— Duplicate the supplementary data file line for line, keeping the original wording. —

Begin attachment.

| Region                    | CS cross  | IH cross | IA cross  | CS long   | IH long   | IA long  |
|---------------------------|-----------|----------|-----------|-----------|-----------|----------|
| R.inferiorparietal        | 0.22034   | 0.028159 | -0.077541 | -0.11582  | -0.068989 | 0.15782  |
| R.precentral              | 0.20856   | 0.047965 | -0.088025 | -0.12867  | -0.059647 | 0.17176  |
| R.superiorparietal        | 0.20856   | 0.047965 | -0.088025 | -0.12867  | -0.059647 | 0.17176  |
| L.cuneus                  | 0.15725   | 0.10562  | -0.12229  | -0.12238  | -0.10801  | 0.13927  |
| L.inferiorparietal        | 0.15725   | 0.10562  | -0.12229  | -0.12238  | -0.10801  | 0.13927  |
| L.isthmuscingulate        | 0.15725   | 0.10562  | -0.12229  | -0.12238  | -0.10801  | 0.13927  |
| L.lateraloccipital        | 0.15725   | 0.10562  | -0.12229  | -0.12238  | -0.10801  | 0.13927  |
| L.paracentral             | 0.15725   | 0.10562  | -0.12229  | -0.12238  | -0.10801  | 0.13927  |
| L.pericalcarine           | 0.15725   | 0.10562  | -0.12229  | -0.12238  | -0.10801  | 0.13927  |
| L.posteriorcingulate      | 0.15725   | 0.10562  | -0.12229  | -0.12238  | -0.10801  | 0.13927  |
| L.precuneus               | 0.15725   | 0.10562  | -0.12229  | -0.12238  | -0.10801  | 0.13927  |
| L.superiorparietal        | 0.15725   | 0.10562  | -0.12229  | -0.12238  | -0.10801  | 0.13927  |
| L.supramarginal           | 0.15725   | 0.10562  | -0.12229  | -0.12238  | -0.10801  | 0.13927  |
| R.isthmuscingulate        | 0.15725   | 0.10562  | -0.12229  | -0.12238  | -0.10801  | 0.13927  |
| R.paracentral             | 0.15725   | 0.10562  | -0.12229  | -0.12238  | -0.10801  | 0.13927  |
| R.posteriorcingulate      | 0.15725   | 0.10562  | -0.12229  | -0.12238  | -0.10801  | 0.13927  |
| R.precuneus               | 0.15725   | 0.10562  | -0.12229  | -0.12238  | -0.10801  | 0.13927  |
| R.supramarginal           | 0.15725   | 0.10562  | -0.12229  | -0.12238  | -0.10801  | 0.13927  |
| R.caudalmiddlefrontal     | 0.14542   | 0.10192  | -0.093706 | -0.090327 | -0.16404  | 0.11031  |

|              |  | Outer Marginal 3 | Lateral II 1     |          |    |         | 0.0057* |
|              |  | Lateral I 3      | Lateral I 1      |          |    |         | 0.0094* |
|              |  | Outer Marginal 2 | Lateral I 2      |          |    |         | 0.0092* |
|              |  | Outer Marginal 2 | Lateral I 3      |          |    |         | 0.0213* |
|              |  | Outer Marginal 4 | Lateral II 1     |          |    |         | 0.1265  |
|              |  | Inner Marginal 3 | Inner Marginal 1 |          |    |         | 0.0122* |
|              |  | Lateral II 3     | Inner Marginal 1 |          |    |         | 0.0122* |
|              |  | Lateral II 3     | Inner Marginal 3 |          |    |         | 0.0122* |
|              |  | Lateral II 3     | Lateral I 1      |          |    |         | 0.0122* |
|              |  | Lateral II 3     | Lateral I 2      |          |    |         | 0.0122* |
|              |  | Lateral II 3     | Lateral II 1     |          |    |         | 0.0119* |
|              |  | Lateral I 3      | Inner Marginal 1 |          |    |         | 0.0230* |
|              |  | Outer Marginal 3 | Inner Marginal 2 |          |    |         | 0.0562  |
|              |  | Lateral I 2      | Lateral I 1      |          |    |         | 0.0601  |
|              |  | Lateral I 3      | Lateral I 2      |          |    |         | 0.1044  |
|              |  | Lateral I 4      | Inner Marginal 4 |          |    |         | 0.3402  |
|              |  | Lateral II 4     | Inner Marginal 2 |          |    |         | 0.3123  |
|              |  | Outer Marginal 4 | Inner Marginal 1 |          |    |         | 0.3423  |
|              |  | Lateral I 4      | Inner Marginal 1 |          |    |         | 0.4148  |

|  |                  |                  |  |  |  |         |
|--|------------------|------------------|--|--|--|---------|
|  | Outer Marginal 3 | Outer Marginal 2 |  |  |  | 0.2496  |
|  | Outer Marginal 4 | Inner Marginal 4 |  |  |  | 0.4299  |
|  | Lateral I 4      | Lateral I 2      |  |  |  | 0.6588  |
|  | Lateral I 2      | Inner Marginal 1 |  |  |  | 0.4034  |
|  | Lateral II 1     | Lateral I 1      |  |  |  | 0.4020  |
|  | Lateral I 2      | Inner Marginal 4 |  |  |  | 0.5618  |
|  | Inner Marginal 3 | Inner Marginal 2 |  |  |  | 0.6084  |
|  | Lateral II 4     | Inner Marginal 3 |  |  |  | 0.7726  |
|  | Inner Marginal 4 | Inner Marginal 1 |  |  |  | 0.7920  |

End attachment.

| Region                    | CS cross  | IH cross | IA cross  | CS long   | IH long   | IA long  |
|---------------------------|-----------|----------|-----------|-----------|-----------|----------|
| R.inferiorparietal        | 0.22034   | 0.028159 | -0.077541 | -0.11582  | -0.068989 | 0.15782  |
| R.precentral              | 0.20856   | 0.047965 | -0.088025 | -0.12867  | -0.059647 | 0.17176  |
| R.superiorparietal        | 0.20856   | 0.047965 | -0.088025 | -0.12867  | -0.059647 | 0.17176  |
| L.cuneus                  | 0.15725   | 0.10562  | -0.12229  | -0.12238  | -0.10801  | 0.13927  |
| L.inferiorparietal        | 0.15725   | 0.10562  | -0.12229  | -0.12238  | -0.10801  | 0.13927  |
| L.isthmuscingulate        | 0.15725   | 0.10562  | -0.12229  | -0.12238  | -0.10801  | 0.13927  |
| L.lateraloccipital        | 0.15725   | 0.10562  | -0.12229  | -0.12238  | -0.10801  | 0.13927  |
| L.paracentral             | 0.15725   | 0.10562  | -0.12229  | -0.12238  | -0.10801  | 0.13927  |
| L.pericalcarine           | 0.15725   | 0.10562  | -0.12229  | -0.12238  | -0.10801  | 0.13927  |
| L.posteriorcingulate      | 0.15725   | 0.10562  | -0.12229  | -0.12238  | -0.10801  | 0.13927  |
| L.precuneus               | 0.15725   | 0.10562  | -0.12229  | -0.12238  | -0.10801  | 0.13927  |
| L.superiorparietal        | 0.15725   | 0.10562  | -0.12229  | -0.12238  | -0.10801  | 0.13927  |
| L.supramarginal           | 0.15725   | 0.10562  | -0.12229  | -0.12238  | -0.10801  | 0.13927  |
| R.isthmuscingulate        | 0.15725   | 0.10562  | -0.12229  | -0.12238  | -0.10801  | 0.13927  |
| R.paracentral             | 0.15725   | 0.10562  | -0.12229  | -0.12238  | -0.10801  | 0.13927  |
| R.posteriorcingulate      | 0.15725   | 0.10562  | -0.12229  | -0.12238  | -0.10801  | 0.13927  |
| R.precuneus               | 0.15725   | 0.10562  | -0.12229  | -0.12238  | -0.10801  | 0.13927  |
| R.supramarginal           | 0.15725   | 0.10562  | -0.12229  | -0.12238  | -0.10801  | 0.13927  |
| R.caudalmiddlefrontal     | 0.14542   | 0.10192  | -0.093706 | -0.090327 | -0.16404  | 0.11031  |

|              |  | Outer Marginal 3 | Lateral II 1     |          |    |         | 0.0057* |
|              |  | Lateral I 3      | Lateral I 1      |          |    |         | 0.0094* |
|              |  | Outer Marginal 2 | Lateral I 2      |          |    |         | 0.0092* |
|              |  | Outer Marginal 2 | Lateral I 3      |          |    |         | 0.0213* |
|              |  | Outer Marginal 4 | Lateral II 1     |          |    |         | 0.1265  |
|              |  | Inner Marginal 3 | Inner Marginal 1 |          |    |         | 0.0122* |
|              |  | Lateral II 3     | Inner Marginal 1 |          |    |         | 0.0122* |
|              |  | Lateral II 3     | Inner Marginal 3 |          |    |         | 0.0122* |
|              |  | Lateral II 3     | Lateral I 1      |          |    |         | 0.0122* |
|              |  | Lateral II 3     | Lateral I 2      |          |    |         | 0.0122* |
|              |  | Lateral II 3     | Lateral II 1     |          |    |         | 0.0119* |
|              |  | Lateral I 3      | Inner Marginal 1 |          |    |         | 0.0230* |
|              |  | Outer Marginal 3 | Inner Marginal 2 |          |    |         | 0.0562  |
|              |  | Lateral I 2      | Lateral I 1      |          |    |         | 0.0601  |
|              |  | Lateral I 3      | Lateral I 2      |          |    |         | 0.1044  |
|              |  | Lateral I 4      | Inner Marginal 4 |          |    |         | 0.3402  |
|              |  | Lateral II 4     | Inner Marginal 2 |          |    |         | 0.3123  |
|              |  | Outer Marginal 4 | Inner Marginal 1 |          |    |         | 0.3423  |
|              |  | Lateral I 4      | Inner Marginal 1 |          |    |         | 0.4148  |

|  |                  |                  |  |  |  |         |
|--|------------------|------------------|--|--|--|---------|
|  | Outer Marginal 3 | Outer Marginal 2 |  |  |  | 0.2496  |
|  | Outer Marginal 4 | Inner Marginal 4 |  |  |  | 0.4299  |
|  | Lateral I 4      | Lateral I 2      |  |  |  | 0.6588  |
|  | Lateral I 2      | Inner Marginal 1 |  |  |  | 0.4034  |
|  | Lateral II 1     | Lateral I 1      |  |  |  | 0.4020  |
|  | Lateral I 2      | Inner Marginal 4 |  |  |  | 0.5618  |
|  | Inner Marginal 3 | Inner Marginal 2 |  |  |  | 0.6084  |
|  | Lateral II 4     | Inner Marginal 3 |  |  |  | 0.7726  |
|  | Inner Marginal 4 | Inner Marginal 1 |  |  |  | 0.7920  |